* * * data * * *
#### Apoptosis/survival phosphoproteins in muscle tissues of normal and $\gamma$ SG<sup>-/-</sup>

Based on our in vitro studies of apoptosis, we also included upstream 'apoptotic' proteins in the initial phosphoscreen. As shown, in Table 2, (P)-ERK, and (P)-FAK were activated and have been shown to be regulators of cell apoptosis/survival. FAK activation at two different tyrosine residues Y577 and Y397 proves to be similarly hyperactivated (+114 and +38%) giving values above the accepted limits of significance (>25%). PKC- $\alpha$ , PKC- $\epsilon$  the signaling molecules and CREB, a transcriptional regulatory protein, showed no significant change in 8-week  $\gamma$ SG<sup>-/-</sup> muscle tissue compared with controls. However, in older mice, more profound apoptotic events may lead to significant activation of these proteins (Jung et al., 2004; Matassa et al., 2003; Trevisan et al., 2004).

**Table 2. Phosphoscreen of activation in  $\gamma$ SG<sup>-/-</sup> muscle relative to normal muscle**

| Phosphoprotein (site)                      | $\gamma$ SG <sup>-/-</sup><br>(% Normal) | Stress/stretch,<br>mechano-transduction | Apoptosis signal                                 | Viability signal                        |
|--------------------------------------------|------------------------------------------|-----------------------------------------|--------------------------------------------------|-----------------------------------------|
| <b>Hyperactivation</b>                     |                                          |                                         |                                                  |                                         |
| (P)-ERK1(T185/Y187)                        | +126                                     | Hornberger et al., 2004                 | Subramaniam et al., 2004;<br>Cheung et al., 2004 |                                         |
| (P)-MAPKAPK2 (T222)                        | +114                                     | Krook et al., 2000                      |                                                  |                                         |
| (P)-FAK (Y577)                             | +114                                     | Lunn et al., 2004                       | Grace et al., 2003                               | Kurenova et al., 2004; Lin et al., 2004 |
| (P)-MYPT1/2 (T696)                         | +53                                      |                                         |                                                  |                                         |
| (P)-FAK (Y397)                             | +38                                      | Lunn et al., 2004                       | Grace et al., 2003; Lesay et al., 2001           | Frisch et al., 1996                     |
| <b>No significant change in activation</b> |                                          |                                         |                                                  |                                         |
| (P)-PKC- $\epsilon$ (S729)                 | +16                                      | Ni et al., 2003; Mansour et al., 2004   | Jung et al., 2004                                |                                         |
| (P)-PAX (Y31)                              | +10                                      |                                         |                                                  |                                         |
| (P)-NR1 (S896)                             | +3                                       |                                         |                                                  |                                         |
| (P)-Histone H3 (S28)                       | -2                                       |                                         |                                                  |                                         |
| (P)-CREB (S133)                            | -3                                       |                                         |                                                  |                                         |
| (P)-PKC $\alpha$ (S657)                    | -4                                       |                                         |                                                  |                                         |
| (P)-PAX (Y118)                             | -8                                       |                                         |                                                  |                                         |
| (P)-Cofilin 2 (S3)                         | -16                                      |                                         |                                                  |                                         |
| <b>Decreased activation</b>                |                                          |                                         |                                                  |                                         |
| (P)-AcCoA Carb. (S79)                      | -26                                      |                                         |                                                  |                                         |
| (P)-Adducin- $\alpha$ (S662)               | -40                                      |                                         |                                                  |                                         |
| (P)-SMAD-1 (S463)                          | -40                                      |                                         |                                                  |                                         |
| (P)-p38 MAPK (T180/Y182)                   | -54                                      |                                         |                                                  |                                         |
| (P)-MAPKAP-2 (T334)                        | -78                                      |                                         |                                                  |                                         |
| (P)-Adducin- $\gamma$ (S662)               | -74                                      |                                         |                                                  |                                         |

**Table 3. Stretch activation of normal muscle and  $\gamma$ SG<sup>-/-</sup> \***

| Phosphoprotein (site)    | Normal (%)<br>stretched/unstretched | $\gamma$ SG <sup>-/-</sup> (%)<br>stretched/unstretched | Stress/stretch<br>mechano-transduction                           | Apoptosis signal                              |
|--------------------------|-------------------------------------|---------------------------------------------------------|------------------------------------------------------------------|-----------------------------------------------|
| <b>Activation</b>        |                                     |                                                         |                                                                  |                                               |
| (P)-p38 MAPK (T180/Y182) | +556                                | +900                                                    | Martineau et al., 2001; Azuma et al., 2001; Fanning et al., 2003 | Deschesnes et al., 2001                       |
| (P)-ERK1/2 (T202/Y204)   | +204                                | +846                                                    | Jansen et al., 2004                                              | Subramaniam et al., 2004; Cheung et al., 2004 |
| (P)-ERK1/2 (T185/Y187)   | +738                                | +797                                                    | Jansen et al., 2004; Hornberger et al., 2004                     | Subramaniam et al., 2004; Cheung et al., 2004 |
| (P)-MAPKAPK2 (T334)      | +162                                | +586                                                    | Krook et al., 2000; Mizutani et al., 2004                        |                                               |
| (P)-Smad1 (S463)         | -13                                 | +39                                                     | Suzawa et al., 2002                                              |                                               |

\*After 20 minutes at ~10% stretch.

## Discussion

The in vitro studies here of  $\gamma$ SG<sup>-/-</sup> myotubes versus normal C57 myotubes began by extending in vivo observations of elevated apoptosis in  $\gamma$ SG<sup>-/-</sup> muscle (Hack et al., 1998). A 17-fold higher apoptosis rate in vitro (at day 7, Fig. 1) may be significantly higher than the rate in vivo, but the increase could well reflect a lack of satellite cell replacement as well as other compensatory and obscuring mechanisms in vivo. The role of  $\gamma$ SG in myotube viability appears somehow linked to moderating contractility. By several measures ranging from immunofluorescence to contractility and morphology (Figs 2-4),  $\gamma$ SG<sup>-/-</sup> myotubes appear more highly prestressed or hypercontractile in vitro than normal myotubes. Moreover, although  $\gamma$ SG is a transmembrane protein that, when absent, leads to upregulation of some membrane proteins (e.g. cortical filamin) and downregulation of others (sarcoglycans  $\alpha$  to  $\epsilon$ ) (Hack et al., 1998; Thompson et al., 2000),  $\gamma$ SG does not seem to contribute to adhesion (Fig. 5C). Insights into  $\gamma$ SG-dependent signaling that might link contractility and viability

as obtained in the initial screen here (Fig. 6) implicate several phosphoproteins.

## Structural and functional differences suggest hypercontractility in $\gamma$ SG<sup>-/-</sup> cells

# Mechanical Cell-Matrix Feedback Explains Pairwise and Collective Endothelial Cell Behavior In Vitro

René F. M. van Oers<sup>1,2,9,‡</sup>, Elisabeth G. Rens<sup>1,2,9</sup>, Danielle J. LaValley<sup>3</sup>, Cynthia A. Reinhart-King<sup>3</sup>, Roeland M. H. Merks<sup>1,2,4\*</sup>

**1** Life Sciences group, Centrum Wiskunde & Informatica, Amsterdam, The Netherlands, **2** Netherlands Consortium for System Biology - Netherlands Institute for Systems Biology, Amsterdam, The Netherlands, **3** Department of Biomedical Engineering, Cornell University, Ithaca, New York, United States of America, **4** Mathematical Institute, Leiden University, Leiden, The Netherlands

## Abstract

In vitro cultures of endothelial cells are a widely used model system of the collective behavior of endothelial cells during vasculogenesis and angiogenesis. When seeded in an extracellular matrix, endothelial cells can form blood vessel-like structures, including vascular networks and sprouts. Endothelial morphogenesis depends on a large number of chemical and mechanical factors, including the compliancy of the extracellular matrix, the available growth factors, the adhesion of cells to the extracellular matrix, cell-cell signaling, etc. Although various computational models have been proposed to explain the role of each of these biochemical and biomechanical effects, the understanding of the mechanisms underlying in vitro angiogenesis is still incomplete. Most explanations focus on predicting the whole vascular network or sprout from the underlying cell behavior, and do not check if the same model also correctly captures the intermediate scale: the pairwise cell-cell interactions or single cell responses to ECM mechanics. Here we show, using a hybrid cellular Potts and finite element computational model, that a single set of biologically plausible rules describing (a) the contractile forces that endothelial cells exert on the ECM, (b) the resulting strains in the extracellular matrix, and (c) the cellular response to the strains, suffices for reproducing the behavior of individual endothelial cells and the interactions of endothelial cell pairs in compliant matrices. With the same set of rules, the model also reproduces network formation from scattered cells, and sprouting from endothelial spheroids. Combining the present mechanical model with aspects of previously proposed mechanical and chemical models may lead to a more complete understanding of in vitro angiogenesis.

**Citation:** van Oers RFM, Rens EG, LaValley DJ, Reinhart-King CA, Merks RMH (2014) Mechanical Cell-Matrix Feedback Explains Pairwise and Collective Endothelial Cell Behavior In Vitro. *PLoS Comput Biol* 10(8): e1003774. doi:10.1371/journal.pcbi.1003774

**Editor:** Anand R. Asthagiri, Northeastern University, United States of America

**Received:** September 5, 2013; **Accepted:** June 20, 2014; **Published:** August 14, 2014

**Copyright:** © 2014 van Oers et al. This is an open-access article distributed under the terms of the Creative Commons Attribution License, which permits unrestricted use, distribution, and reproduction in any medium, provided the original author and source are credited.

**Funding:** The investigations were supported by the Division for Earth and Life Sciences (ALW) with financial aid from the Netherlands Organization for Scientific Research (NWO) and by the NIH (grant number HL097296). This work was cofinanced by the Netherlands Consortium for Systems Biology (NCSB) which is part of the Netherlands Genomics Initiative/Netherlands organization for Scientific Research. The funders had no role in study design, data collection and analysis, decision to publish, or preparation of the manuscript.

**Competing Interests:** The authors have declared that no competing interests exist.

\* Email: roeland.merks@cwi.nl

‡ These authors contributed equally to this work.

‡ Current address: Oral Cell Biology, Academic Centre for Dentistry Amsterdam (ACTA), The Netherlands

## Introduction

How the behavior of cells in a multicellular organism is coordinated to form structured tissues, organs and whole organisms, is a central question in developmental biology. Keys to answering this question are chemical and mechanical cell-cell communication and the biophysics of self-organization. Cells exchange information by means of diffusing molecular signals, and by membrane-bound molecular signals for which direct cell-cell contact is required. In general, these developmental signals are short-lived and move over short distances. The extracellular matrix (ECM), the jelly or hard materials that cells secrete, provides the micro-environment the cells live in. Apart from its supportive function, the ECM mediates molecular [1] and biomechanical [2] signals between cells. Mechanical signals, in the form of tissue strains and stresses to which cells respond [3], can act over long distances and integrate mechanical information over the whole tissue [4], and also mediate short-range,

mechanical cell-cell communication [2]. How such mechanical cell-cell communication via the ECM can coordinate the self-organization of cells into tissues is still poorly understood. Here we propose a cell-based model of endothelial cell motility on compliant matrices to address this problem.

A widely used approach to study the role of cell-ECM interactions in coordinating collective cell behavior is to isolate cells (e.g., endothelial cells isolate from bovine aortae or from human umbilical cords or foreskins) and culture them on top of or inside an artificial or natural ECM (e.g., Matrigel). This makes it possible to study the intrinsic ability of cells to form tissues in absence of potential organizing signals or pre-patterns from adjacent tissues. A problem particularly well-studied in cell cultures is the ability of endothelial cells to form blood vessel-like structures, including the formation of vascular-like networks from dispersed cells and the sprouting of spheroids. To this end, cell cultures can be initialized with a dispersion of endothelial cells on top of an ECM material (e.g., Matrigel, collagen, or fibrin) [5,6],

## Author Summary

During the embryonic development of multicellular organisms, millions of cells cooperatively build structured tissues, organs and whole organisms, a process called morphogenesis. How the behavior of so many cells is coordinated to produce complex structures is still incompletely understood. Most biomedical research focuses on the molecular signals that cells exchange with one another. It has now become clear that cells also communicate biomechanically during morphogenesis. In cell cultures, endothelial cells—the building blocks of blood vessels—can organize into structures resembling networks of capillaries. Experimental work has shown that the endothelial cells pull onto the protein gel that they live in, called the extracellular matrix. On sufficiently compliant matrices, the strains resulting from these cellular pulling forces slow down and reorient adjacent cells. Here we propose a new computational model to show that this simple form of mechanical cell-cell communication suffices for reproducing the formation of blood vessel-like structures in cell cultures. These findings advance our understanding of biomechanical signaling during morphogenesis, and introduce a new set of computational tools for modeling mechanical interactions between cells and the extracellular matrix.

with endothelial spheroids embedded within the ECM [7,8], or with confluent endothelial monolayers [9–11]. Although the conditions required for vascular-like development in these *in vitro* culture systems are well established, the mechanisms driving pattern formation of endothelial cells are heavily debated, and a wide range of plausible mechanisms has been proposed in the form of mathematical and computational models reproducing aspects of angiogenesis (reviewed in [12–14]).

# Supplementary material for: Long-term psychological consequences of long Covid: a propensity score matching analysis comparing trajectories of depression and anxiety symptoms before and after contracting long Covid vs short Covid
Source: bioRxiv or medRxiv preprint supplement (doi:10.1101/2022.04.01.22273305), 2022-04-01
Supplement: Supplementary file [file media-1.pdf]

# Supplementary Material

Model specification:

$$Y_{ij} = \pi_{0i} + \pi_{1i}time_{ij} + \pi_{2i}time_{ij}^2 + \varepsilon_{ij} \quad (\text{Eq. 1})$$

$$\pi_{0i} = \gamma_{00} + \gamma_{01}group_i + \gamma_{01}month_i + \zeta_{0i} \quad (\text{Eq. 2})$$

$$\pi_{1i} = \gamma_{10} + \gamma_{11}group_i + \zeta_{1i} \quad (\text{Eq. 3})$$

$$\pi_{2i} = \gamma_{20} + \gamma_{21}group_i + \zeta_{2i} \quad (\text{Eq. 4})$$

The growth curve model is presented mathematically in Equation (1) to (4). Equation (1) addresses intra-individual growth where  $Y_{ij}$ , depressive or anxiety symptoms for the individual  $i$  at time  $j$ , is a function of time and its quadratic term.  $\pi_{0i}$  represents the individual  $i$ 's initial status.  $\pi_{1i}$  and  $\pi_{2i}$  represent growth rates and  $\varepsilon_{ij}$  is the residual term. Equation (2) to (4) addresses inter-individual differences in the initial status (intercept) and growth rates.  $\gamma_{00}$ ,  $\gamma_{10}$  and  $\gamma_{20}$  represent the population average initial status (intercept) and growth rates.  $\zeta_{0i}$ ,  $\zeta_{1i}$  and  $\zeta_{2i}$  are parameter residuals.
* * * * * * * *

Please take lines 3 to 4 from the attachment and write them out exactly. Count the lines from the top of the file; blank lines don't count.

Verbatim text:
**Table 2. Phosphoscreen of activation in  $\gamma$ SG<sup>-/-</sup> muscle relative to normal muscle**

| Phosphoprotein (site)                      | $\gamma$ SG <sup>-/-</sup><br>(% Normal) | Stress/stretch,<br>mechano-transduction | Apoptosis signal                                 | Viability signal                        |